The Mexican drug cartels are more than just gangs. They are a combination of organised crime and military – even if a rather undisciplined one. It’s the mafia with radio towers, RPG’s and armored vehicles. They are extremely badass; in the most horrible and corrupt way possible.
The Zetas are one of the most disruptive and aggressive of them all. Wired reports that “they were formed by ex-military men who became armed enforcers for the Gulf Cartel, the Zetas split with their former patrons nearly three years ago and have since become one of Mexico’s largest and most dangerous cartels.”
The Zetas — and other criminal groups like the Sinaloa Cartel and the Gulf Cartel — have a lot of fire power at their disposal. To put it in perspective they nearly rival Mexico’s own military. Police forces are often corrupted and almost always outgunned. Here is some of the equipment that makes the Mexican drug cartels some of the most dangerous criminal gangs in the world.
Under the Gun
These drug traffickers have a ton of guns. According to Wired “the Mexican army regularly seizes arsenals of small arms from stockpiles, abandoned after firefights or concealed inside vehicles driven by drug traffickers.” In June, after one particular incident, the military “had turned up 50 AK-47 rifles, along with grenade launchers, various machine guns, shotguns and bolt-action rifles.” It doesn’t end there:
The cartels are also getting increasingly more powerful guns. In March, firefights between police and the Zetas netted both M-60 and a .30-caliber Browning machine gun. Sniper rifles and machine guns up to the .50-caliber size have been discovered. The Mexican military has even turned up a German MG34 machine gun from World War II.
Where do they get these weapoons? It seems mainly from The United States and Central America. “In April, the Bureau of Alcohol, Tobacco and Firearms found that 68 000 out of 99 000 guns discovered in Mexico and submitted to the ATF since 2007 originated in the United States.”
Drug Gangs … With Grenades
Whether they are lobbing them by hand, or launching them with rockets, the Cartels have a lot of grenades. Hand-lobbed grenades are unfortunately quite common, and hundreds of grenades have reportedly been detonated in Mexico in 2012 alone. But the more dangerous weapons are of course RPG’s:
Rocket-propelled grenade launchers are some of the heaviest weapons possessed by the cartels, and owe their introduction to the region during the Cold War conflicts in Central America. . . They’ve been used in retaliatory attacks against the police and army following the arrest of cartel bosses, and Heriberto Lazcano — the former Zetas boss killed by Mexican marines in early October — was also reportedly packing one.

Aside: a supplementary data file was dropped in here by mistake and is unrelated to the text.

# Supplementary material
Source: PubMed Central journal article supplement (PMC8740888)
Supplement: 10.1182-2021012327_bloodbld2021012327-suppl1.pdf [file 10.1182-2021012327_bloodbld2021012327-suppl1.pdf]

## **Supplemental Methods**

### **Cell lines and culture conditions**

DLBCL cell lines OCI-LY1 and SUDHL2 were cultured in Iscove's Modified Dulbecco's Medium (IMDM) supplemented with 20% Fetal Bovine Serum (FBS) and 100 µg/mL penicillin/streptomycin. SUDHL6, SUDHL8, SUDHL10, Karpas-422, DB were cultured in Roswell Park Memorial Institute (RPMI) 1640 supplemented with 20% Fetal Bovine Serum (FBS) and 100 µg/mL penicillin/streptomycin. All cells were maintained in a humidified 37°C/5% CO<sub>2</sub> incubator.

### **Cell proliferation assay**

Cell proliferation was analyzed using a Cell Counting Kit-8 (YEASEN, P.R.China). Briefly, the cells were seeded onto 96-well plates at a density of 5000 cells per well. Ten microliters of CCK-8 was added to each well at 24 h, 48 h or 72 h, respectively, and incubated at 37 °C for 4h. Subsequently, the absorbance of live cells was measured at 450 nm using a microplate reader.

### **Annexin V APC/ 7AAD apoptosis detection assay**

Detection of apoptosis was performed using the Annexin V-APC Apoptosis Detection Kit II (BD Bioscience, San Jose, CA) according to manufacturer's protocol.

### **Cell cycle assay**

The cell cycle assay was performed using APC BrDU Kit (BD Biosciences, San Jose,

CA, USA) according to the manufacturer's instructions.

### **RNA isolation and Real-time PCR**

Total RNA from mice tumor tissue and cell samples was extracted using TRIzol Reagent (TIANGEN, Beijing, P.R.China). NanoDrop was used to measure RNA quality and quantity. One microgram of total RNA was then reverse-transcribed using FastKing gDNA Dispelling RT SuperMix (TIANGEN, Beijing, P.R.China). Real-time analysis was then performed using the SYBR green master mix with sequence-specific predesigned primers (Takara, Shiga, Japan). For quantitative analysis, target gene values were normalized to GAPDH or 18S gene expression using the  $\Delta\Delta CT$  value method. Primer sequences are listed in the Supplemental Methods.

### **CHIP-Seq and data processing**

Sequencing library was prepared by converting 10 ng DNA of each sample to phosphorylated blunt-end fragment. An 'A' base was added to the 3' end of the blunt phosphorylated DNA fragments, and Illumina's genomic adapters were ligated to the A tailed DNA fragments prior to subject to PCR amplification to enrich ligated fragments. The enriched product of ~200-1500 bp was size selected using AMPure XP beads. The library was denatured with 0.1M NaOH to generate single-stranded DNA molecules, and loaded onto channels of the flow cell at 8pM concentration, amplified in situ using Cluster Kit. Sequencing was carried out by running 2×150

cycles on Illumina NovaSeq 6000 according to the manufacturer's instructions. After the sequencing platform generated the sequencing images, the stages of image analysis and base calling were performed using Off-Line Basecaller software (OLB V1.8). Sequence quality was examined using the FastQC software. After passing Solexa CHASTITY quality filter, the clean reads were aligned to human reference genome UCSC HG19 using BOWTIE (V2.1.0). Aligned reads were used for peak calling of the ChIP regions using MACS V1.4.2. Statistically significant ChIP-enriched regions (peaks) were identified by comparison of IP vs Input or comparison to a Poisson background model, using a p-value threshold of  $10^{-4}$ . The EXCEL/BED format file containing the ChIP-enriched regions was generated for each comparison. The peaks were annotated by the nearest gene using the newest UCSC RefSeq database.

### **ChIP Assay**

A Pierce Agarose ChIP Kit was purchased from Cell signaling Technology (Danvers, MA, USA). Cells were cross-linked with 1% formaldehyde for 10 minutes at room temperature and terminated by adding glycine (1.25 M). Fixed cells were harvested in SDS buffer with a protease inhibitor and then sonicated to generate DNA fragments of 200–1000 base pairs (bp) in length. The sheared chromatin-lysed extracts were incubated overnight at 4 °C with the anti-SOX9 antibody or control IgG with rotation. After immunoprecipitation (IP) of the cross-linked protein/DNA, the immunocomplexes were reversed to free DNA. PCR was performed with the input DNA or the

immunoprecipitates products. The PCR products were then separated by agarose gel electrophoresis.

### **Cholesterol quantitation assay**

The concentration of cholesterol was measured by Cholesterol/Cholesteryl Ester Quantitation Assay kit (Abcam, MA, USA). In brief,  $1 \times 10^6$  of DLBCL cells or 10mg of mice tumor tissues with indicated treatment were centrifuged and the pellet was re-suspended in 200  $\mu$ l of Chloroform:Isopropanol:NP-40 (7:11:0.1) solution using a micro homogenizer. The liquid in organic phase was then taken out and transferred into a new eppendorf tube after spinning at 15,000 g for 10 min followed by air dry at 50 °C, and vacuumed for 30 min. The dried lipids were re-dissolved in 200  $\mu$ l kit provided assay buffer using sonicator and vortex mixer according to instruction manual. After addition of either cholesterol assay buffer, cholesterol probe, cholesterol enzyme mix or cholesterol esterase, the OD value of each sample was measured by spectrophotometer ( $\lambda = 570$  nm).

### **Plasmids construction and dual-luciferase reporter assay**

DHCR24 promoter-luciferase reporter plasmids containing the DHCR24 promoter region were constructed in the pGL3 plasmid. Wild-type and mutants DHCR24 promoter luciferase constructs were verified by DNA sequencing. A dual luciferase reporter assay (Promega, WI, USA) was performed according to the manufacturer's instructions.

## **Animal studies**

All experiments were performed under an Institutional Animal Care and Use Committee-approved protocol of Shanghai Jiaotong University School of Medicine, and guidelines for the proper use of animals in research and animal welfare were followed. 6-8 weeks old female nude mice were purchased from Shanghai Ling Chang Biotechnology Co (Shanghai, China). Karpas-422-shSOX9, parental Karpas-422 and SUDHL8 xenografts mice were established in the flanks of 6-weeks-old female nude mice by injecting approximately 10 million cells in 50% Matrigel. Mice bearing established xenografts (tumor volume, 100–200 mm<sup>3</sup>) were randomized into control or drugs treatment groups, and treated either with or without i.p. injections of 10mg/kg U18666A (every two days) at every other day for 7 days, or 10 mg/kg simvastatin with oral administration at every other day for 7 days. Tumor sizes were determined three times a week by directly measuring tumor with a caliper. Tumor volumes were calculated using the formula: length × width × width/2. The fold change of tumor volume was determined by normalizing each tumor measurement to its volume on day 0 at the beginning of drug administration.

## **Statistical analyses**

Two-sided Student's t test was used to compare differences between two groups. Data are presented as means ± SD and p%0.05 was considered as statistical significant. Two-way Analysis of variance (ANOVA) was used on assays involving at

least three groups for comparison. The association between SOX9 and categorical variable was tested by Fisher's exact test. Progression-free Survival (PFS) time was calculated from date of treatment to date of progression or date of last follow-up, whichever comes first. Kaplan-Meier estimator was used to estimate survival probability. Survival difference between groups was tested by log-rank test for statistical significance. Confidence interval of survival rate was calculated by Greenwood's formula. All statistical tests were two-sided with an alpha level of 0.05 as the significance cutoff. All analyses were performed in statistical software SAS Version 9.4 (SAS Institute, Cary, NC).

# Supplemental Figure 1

Cars, Monster Trucks, and The Monster
When a Cartel decides to get on the move, they roll hard. A solid convoy of a dozen SUV’s “and trucks loaded down with gunmen, and a single grupo de limpieza, or “cleanup squad,” can pose a formidable and fast-moving danger.” Some vehicles are armored, with steel welded inside interior compartments and paneling. But for these Narcos numbers are just not enough. Last year they were spotted with their own ‘tanks’. Well sort of. Their tanks were not tracked vehicles, but instead pimped out (in a military fashion) armored monster trucks. Wired says that the Mexican authorities have:
Seized more than 100 of the cartel “monsters,” which come in varying DIY designs, include firing ports and turrets, room for up to 12 gangsters at a time plus an armored steel shell. The biggest versions appear to be retrofitted dump trucks and semi-trucks.
The Incredible Flying Drug Mule
Closer to gliders than an actual plane, ultralight planes are small, cost around $3,000 and their engines purr quietly. Some don’t even have to land, and can literally release a harness carrying a drug load down to a waiting friend below. The downside is that they move slowly, but can also fly low and hide from the Border Patrol’s radars. Their use is also on the upsurge. U.S. Customs and Border Protection spotted 223 flights in 2011, double that of 2009. Few are ever caught.
Cartels are also building military-spec communication networks using massive radio towers. We brought you the story previously of how Mexican engineers are being abducted to help build these networks. According to Wired:
While the higher-level bosses reportedly rely on the internet to communicate, the cartels’ lower-level gangsters and lookouts have taken to building their own radio network deep inside remote areas of Mexico’s countryside.
The number of cartel radio antennas spread out across Mexico’s drug-trafficking routes alone could reach into the hundreds. In September, the Mexican military dismantled 167 antennas in just one operation, including solar panels used for electrical power. One surprising transmission tower discovered recently in Veracruz state — and likely used by the Zetas — reached a height of 295 feet.
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